Read advance reader review of Fly Girls by Keith O'Brien, page 2 of 4

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Fly Girls

How Five Daring Women Defied All Odds and Made Aviation History

by Keith O'Brien

Fly Girls by Keith O'Brien X
Fly Girls by Keith O'Brien
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  • First Published:
    Aug 2018, 352 pages

    Mar 2019, 384 pages


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There are currently 25 member reviews
for Fly Girls
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  • Barbara C. (Riverside, CA)
    We Women are Are Amazing!
    How special these women were. They also had families and everyday lives, but created exciting life-threatening experiences at a time when most men wouldn't dare do what they did. The term comfort zone hadn't been invented yet, thank goodness. I loved the detail and appreciated the connections they had with each other and other historical events. They crashed the glass ceiling. I loved the part where they used Old Orchard Beach for a runway, I will be there next week visiting relatives in Maine. It will mean more than ever.
  • Doris K. (Angora, MN)
    Fly Girls
    In our day we take flying for granted. This interesting book shows how the early navigators worked and even died to further the cause of safe navigation by plane. This book is fascinating in the way the early navigation story is told. As seen by his notes Keith O'Brien has done exhaustive research in order to make the people in his book come to life, not be just statistics. Although the women aviators are the heart of the book , the history of navigation comes through in an interesting way. Overall an excellent read.
  • Judi R. (Jericho, NY)
    Very Timely
    The author, Keith O'Brien, could not have realized how timely this novel would be when he was conducting his obvious extensive research. Not only are we in the midst of the times up movement, but just this spring, a major airline disaster was averted due to the skill of its female pilot. O'Brien brilliantly details the history of females in aviation, highlighting 1927-1936. These women were brave and persistent. At times the book felt breathless as O'Brien takes us cross country or transcontinental in a race for speed and position. Not only does this story coincide with the women's suffragette movement but also with the Great Depression. It's a wonder that these women were able to accomplish what they did. The reader will learn about these heroes who changed our world. A fascinating story in great detail. Not to be missed.
  • Patricia T. (Fallbrook, CA)
    Fly Girls
    Amelia Earhart is a household name, but there were others from the same time period, other women pilots just as deserving of lasting fame as she was. Fly Girls is the story of five of these women. It was the twenties and thirties, the beginning of the aviation industry in America, and it was a male world. Air Races were central, but female pilots were not welcome, they had to fight for acceptance, even for a place in the game. Fight they did, and this is a cracking read of just how they prevailed. They had the skills, they had the guts, and all they wanted was a chance to prove it. Many times the results were tragic, it was dangerous for all pilots, crashes were frequent and often fatal. I would hope young people of both sexes will read this book, it is an eye-opener and an inspiration.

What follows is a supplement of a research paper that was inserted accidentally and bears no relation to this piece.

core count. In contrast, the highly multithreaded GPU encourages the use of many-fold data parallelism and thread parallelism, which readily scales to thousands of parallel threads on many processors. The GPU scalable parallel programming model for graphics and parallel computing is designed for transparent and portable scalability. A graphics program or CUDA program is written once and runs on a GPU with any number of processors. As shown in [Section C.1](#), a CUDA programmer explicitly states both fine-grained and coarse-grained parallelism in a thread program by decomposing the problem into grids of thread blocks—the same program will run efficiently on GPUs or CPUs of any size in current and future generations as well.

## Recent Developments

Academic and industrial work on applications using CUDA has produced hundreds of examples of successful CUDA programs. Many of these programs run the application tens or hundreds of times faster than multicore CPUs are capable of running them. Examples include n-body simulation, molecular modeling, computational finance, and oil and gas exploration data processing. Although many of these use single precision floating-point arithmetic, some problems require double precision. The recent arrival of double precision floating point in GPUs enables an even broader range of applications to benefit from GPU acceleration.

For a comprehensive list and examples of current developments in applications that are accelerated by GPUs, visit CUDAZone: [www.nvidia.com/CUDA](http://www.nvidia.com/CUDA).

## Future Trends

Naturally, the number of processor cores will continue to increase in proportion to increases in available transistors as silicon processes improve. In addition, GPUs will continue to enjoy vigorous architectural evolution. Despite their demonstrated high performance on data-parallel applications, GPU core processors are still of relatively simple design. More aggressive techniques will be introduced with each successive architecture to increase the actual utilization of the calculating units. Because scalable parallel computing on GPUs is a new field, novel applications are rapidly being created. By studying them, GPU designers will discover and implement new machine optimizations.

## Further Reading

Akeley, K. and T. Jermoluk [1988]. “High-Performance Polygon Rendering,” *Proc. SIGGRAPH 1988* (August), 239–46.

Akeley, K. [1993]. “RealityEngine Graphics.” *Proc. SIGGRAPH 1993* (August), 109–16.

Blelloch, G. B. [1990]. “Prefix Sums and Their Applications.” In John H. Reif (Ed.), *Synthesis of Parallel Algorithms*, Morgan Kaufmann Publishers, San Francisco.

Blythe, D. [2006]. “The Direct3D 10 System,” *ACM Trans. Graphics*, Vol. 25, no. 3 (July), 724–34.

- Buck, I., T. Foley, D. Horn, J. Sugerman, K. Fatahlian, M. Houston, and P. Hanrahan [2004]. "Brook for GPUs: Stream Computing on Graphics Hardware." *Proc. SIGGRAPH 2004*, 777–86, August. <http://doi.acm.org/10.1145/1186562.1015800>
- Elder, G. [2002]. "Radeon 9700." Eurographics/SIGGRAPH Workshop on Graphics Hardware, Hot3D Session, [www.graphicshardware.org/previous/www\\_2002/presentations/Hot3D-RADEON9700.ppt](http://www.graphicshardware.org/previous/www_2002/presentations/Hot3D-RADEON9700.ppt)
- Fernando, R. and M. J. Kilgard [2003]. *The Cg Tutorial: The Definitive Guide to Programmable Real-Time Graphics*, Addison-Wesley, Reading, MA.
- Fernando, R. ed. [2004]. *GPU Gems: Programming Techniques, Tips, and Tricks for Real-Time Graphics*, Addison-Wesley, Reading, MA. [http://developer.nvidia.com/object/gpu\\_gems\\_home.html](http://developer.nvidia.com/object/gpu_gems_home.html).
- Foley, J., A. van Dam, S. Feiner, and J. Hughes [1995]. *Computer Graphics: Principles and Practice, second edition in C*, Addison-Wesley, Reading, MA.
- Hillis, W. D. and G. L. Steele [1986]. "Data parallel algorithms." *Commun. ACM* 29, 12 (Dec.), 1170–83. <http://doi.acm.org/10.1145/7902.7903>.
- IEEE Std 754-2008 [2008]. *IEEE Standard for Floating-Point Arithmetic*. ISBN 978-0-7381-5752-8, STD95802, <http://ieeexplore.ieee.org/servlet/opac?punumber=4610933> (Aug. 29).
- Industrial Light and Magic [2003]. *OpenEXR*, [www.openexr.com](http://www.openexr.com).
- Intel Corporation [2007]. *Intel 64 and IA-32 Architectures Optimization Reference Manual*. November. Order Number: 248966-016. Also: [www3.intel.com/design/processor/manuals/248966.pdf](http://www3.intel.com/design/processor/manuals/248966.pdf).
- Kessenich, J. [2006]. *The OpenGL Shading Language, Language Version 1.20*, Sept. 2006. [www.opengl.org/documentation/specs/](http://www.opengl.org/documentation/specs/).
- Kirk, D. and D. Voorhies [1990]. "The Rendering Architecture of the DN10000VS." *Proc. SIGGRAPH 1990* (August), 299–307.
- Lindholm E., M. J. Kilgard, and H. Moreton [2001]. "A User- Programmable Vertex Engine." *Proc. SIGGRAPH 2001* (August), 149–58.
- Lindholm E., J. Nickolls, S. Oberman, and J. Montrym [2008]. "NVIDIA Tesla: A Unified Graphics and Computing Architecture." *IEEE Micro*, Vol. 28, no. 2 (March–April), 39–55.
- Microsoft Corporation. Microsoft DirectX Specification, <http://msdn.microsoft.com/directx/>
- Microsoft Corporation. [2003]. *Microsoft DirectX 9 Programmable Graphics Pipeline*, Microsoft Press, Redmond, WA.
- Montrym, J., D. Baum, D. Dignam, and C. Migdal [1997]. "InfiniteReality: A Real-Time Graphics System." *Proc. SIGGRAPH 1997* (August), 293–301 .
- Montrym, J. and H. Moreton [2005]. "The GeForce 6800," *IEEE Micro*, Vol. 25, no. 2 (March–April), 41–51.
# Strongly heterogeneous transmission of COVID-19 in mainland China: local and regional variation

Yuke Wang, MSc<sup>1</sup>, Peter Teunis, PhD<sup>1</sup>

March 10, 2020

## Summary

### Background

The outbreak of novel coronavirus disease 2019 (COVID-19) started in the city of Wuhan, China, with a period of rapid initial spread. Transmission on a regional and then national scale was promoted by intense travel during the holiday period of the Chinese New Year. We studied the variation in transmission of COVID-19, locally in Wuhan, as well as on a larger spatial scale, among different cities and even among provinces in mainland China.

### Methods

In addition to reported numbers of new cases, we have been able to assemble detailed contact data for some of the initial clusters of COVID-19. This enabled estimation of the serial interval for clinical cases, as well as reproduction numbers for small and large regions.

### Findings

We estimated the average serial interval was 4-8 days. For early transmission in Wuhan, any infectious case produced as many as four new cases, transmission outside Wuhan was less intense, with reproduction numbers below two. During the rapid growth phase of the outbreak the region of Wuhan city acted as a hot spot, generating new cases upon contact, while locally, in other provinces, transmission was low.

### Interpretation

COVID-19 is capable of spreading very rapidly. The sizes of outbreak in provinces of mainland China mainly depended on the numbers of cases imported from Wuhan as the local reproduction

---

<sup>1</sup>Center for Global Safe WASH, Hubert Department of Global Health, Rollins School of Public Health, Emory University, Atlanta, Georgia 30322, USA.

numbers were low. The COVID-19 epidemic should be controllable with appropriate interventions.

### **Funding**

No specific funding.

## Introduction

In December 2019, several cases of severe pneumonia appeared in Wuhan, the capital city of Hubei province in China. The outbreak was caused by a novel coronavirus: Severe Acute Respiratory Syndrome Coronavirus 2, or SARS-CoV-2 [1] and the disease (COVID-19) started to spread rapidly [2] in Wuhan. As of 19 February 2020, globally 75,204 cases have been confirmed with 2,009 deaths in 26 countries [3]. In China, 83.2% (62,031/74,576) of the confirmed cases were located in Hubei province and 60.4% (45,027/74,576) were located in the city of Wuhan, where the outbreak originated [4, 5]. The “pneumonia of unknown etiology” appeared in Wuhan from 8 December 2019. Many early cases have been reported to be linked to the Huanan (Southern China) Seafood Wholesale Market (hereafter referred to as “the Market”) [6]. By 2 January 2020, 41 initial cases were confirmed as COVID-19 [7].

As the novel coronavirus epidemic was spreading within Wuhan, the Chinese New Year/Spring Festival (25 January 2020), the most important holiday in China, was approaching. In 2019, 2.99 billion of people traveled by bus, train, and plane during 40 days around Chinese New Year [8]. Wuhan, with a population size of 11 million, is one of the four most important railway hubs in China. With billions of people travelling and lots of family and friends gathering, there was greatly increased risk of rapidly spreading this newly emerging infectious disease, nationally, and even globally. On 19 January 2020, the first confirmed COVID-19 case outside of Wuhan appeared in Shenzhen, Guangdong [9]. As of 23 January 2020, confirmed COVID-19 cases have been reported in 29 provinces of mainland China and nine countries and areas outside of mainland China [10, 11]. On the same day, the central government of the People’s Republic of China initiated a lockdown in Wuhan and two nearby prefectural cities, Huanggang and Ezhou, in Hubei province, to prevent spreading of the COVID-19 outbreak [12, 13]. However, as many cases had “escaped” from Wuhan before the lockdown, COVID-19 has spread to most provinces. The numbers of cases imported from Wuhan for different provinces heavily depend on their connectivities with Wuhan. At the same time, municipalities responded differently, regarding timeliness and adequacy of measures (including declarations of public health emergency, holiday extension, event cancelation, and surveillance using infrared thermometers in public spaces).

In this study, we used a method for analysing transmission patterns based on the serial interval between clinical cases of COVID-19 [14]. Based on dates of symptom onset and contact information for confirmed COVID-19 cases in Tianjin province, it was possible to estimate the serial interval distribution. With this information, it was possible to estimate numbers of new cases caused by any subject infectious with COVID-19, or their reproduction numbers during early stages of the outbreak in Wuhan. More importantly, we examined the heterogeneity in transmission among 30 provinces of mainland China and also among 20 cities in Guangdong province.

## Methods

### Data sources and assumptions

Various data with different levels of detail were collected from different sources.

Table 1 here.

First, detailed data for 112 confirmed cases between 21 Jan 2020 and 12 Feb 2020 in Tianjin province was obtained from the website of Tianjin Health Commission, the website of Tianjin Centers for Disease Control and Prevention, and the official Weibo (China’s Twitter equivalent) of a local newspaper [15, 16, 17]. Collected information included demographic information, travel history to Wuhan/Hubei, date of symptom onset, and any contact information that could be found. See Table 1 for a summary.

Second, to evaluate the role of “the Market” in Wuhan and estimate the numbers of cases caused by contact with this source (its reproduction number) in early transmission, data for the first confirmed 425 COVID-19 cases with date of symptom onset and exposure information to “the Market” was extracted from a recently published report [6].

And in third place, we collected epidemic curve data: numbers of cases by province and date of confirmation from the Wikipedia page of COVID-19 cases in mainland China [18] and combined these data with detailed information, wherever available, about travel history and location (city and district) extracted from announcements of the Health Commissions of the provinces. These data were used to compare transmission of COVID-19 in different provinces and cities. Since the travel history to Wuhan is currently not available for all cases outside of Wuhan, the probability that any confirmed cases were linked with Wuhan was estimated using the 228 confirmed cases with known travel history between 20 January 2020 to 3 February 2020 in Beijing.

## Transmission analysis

It reminded me a little of Boys in the Boat, in that the author managed to create suspense, even though the race results are a matter of record.
  • Janine S. (Wyoming, MI)
    Exciting read about daring women
    What a great read! I thoroughly enjoyed every page of this book as I eagerly learned about the daring women who helped shaped aviation in this country in the 20s and 30s. Just imagine flying without the advantages of GPS - truly I can't - or using what in most cases were experimental planes to compete in air races - one has to totally fearless - left me breathless at moments. What "moxie"!. And the great perseverance of these women to do it all in a man's world (not much as changed when only 7 of commercial pilots are women today) is inspiring. There is lot of great information in this book, especially some new detail about Amelia Earhart. But I thoroughly loved following Louise Thaden as she struggled to balance her flying with her family - not typical for the times. The book is well written and the story well crafted. I highly recommend it.
  • Carol C. (Troy, NY)
    Fly Girls
    I loved this book! While I'd expected to enjoy it, I found it absolutely riveting. While I'd heard of Amelia Earhart, of course, the names and lives of the other women were unfamiliar to me. The author does a wonderful job of bringing their stories to life - the accomplishments as well as the disappointments and tragedies. 'Fly Girls' is informative, well-written, and holds one's attention from beginning to end. I highly recommend it.
  • Edna G. (Hillsborough, NC)
    Fly Girls :
    Fly Girls is an informative and engrossing account of women pilots in 1920s and '30s. O'Brien focuses on five women with stories screaming to be remembered. They faced incredible obstacles and prejudices as they flew in races and other events. Hostility was evident with remarks such as "flying saved her from becoming a nice old maid."

    Fly Girls launches us into a period of aviation history largely forgotten. I applaud Mr O'Brien for bringing these Five to life!

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